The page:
Very little of the land in the Highlands was suitable for improvement farming, the acid soils and the climate counted against it. The rearing and export of cattle had sustained the economy of the Highlands for many years, with grain being bought in in exchange. Moreover the Revolutionary and Napoleonic Wars created a demand for kelp, and this also helped to keep the Highland economy afloat.

The landlords had after the '45, been engaged in a campaign to improve their lands. They had managed to edge the tacksmen out, and sub-let the land with specified rents and services. The decline in the traditional system after 1746 had facilitated this movement, money and not the armed clansman became the new image of the Highland chief. Many landlords were loathe to allow migration or emigration from the land, as they perceived that for industry to be brought in to the Highlands, then a cheap source of labour was required, particularly with kelp. Populations were therefore crowded on the seashore and insufficient cultivation was carried out on the land itself.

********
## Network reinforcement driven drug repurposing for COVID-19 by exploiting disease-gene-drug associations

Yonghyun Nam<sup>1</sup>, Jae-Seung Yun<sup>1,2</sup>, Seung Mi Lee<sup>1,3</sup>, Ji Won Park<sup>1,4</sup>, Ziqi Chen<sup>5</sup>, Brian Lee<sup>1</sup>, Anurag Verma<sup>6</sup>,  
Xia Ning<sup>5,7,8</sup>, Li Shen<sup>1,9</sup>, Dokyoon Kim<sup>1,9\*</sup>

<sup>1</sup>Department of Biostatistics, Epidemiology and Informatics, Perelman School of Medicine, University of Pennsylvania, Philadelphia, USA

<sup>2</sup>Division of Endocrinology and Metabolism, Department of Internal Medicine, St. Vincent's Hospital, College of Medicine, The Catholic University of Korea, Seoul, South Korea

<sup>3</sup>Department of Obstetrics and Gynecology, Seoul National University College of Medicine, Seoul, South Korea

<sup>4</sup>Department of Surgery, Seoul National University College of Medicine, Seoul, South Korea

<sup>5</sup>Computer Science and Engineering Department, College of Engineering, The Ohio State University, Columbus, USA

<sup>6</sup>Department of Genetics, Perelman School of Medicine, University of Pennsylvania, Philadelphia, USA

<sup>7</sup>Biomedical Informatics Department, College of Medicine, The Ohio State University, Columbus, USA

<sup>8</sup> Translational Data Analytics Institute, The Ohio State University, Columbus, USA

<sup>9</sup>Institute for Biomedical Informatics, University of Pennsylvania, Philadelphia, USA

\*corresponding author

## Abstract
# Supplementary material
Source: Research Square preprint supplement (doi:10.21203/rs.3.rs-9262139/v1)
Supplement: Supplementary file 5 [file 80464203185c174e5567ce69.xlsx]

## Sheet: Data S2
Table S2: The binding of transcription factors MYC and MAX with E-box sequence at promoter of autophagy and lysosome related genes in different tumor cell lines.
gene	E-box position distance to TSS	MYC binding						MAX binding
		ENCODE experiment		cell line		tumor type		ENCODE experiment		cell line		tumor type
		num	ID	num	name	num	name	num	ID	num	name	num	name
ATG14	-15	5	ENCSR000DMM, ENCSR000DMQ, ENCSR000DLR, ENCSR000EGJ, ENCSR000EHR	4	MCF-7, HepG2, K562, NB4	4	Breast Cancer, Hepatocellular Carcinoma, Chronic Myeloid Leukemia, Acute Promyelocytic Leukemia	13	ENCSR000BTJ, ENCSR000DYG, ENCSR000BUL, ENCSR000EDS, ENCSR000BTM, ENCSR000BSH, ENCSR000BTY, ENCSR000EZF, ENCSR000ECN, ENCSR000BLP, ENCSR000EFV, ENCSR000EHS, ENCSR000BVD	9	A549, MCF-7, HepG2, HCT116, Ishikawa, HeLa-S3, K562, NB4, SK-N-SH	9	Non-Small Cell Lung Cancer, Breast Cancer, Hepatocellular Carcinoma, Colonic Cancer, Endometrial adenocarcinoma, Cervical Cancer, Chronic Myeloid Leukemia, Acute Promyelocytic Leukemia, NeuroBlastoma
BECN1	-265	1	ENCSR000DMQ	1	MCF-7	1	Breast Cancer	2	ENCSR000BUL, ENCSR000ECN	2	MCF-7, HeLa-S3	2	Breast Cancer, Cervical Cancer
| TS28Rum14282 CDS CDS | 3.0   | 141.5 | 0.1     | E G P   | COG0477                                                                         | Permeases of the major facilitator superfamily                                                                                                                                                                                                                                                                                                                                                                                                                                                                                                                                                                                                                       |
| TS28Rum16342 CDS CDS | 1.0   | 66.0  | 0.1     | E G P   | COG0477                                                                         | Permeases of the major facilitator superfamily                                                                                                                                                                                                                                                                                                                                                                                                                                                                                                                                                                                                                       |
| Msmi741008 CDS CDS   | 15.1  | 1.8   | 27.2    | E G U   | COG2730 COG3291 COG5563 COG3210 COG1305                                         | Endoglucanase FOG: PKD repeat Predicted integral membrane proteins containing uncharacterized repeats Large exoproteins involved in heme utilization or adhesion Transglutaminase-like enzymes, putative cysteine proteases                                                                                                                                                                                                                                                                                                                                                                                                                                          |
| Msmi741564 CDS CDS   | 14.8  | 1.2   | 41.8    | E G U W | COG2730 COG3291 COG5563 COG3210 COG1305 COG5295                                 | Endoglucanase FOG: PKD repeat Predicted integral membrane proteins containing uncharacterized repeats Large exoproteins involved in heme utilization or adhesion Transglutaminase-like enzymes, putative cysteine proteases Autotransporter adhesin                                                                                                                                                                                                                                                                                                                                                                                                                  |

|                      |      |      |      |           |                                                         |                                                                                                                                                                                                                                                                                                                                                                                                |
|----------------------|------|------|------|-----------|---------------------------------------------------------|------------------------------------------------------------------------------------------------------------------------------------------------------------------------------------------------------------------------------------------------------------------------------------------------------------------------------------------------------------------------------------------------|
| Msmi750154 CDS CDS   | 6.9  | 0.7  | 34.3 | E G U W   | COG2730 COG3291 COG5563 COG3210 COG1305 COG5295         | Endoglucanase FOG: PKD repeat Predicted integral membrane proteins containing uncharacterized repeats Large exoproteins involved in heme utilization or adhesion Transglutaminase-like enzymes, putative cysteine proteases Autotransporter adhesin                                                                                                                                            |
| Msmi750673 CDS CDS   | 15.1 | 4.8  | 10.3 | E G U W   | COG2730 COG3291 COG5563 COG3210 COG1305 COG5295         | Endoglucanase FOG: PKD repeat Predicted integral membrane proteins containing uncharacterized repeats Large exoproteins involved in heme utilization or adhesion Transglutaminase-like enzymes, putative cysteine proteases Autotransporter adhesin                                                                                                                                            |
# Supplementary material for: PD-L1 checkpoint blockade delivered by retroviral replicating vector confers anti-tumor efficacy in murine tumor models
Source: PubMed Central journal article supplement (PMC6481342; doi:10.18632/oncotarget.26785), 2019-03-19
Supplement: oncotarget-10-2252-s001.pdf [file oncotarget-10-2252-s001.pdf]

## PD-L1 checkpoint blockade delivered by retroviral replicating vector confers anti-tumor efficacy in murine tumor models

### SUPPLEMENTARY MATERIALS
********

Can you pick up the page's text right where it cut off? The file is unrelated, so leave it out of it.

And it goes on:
By 1815 the Highland economy was teetering, its flimsy foundations sagging under the combined weight of economic reality and competition. The chemical industry had solved the problem of mass producing soda, thereby circumventing the collection of kelp, moreover, Spanish barilla was again competing with the kelping industry after the end of the war. By 1827, cattle, sheep and wool prices were falling and the restrictions on passenger ships had been removed; the desirability of a large population and curtailing emigration began to revised. Emigration was seen as being both a benefit to the colonies and to the mother country.